Thomas: I think that’s right, in many ways. Loneliness and communication and the quest for connection. And the need for listening and empathy if we want to have that connection.
For me the form that takes is a crisis in a relationship, a point where we suddenly question everything: do I love you? Do you love me? Is this what I’ve thought it was? And ultimately, do we want to break up or stay together? And if the latter, on what terms?
Diane: How did you come to know Doug Jones, who plays The Man In The Pool?
Thomas: I had originally written the role with a particular dancer in mind, who was very long, lean and gaunt. And had written the role, obviously, to be without dialogue and entirely physical—an almost impossibly “tall” order.
The dancer didn’t work out for a number of reasons and we were already in prep in the Catskills when Doug was introduced to me by Michael Chandler, our assistant director, who had known Doug from a film that he’d done with him at Ball State University (“My Name Is Jerry”).
Of course, I knew Doug’s work with Guillermo Del Toro (Pan’s Labyrinth is one of my favorite films of all time), but I had no idea what he looked like underneath the make-up. But the moment Chandler showed me a photo, it was one of those amazing moments where everything clicks together. Seeing Doug, that extraordinary face with such depths of empathy in those eyes, I instantly thought: that’s him, that’s the Man from the Pool.
You’d think I must have written the role specifically for Doug because in retrospect it’s entirely possible he’s the only living actor who could have played it. But I just got very, very lucky.
Diane: While there’s something unsettling about all of the characters, there’s something extremely ominous about Doug’s character. As a director, what was it like working with Doug to bring about this mysterious quality?
Thomas: In writing the script, I thought of the Man from the Pool as a real person (or being, at least) who had a rich, internal life and, if we could have heard his internal monologue, would have been totally sympathetic for the audience, perhaps even more so than the Man or the Woman.
So talking through that inner life was a lot of what Doug and I focused on, not unlike how you’d do with a speaking character. What’s he trying to do in this scene? How’s he trying to do it? Of course, the Man from the Pool has very few tools to accomplish his goals for most of the story, so that’s where Doug’s genius for silent communication came in and just the power of that extraordinary face and body.
Somehow, and I still don’t understand how he’s doing it after having literally watched it hundreds of times except to describe it as literal magic: he’s able to communicate something both specific and profound through the lens of the camera, simply by thinking a thought.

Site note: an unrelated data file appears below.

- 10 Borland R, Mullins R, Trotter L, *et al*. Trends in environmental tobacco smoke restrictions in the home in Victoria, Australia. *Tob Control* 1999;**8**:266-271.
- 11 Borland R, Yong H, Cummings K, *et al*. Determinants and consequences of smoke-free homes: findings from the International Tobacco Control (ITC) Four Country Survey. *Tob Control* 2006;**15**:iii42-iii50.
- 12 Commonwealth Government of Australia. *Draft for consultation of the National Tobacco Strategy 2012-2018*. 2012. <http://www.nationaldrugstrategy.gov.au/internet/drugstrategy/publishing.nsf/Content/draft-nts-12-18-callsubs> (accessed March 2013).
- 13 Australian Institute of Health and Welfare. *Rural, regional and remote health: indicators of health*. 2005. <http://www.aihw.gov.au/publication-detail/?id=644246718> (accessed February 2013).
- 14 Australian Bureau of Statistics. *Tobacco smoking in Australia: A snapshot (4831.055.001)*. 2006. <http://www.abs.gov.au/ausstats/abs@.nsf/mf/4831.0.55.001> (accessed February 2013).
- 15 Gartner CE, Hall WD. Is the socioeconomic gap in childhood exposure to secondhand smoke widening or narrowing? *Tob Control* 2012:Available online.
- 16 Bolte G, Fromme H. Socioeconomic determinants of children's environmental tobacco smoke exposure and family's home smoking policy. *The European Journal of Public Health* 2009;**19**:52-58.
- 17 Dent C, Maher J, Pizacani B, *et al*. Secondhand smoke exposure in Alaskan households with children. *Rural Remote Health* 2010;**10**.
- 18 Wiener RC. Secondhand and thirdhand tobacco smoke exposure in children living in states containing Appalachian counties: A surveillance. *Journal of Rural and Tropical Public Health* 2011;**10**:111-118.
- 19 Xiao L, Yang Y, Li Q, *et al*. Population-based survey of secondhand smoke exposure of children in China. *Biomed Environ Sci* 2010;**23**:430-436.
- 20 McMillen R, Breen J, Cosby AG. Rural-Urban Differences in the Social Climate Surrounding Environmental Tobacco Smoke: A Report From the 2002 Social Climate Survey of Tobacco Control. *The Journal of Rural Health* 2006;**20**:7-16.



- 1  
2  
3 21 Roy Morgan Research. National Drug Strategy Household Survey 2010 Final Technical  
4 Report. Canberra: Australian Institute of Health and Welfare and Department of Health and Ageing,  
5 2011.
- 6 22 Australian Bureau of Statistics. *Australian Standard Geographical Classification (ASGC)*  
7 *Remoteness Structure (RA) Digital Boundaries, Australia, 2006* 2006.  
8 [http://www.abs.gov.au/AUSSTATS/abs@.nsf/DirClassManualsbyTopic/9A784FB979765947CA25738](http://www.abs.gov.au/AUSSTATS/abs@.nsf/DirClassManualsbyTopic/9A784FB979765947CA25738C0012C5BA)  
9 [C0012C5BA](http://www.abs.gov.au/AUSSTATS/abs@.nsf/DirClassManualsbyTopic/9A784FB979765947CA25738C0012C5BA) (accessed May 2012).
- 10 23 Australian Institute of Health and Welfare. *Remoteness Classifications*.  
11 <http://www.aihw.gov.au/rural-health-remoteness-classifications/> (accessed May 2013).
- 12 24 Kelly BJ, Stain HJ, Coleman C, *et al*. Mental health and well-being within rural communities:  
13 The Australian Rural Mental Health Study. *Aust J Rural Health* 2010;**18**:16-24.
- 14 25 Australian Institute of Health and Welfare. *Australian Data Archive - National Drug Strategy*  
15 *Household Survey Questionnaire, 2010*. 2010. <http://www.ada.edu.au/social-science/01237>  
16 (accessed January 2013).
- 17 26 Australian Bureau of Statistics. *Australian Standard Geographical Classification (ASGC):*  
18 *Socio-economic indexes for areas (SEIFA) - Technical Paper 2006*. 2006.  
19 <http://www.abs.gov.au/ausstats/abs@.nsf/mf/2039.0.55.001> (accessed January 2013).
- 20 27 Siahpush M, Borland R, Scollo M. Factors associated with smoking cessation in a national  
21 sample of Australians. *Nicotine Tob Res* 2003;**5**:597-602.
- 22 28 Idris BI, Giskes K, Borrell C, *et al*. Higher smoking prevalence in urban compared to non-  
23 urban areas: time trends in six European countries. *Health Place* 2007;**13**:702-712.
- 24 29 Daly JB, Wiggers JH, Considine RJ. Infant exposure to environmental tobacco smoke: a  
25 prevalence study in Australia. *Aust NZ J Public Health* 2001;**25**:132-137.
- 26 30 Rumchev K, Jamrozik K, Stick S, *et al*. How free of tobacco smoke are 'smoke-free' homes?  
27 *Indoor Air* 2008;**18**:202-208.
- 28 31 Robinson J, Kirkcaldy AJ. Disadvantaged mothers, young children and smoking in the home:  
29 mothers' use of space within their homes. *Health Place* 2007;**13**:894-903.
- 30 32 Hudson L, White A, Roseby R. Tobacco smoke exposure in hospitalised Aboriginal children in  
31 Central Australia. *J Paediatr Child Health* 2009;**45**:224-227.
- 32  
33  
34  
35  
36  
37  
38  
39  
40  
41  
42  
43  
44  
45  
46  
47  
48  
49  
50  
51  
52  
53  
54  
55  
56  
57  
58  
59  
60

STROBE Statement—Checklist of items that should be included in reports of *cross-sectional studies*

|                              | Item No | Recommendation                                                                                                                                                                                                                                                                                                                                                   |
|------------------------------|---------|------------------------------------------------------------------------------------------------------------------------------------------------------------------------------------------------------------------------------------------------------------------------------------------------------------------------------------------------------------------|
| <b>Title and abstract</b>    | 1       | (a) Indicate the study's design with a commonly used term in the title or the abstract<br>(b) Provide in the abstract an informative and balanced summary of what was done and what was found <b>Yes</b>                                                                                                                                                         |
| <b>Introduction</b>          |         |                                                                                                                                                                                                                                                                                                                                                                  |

Diane: Was there a particularly challenging piece to shoot between Doug and the lead actress, Louisa Krouse?
Thomas: The hardest scene was the dance scene because we had so little time. It was at the very end of the schedule and as often happens at the ends of schedules of independent films, it got crunched. I’d had in mind that we would have a very elaborately choreographed number with this intricate storyboard, but we never had the time to truly choreograph it and it became clear the storyboard was going to be impossible days before we shot it.
So ultimately, we were forced to take another leap of faith and Doug, Louisa, the SteadiCam op, Devin, and I more or less improvised it on the day. And although it was exhausting and very difficult, especially for them, I’m not sure it wasn’t for the best. It forced me as the storyteller to focus on the emotion of the scene, the performances and what I absolutely needed, rather than obsessing over the technical elements. And with their talent and amazing commitment under trying circumstances, I think we pulled it off.
Diane: Are there any silly stories or ‘bloopers’ involving Doug that you wouldn’t mind sharing?
Thomas: Let’s just say that during the scene where Louisa has her head in Doug’s lap at the bottom of the pool, the sound of an involuntary bodily function was heard, which interrupted a take and started both Doug and Louisa on a laughing spree that stopped the shoot for a good two minutes.
Diane: Overall, what do you want audiences to take away from the film?
Thomas: I really wanted to pose questions for the audience more than give anybody answers, because my experience of life is asking questions and not having answers. I hate it when movies or stories try to give me answers they don’t really have or haven’t earned.
But if there’s anything I, myself, have tried to embrace as I’ve worked through making this film, it’s probably a kind of affirmation or gratitude for the way things are and what we have. We can always imagine a “better” version of our circumstances, our partners, our lives, but in doing so we’re in a way negating what they actually are. Which is usually more fascinating and beautiful than what we can merely imagine.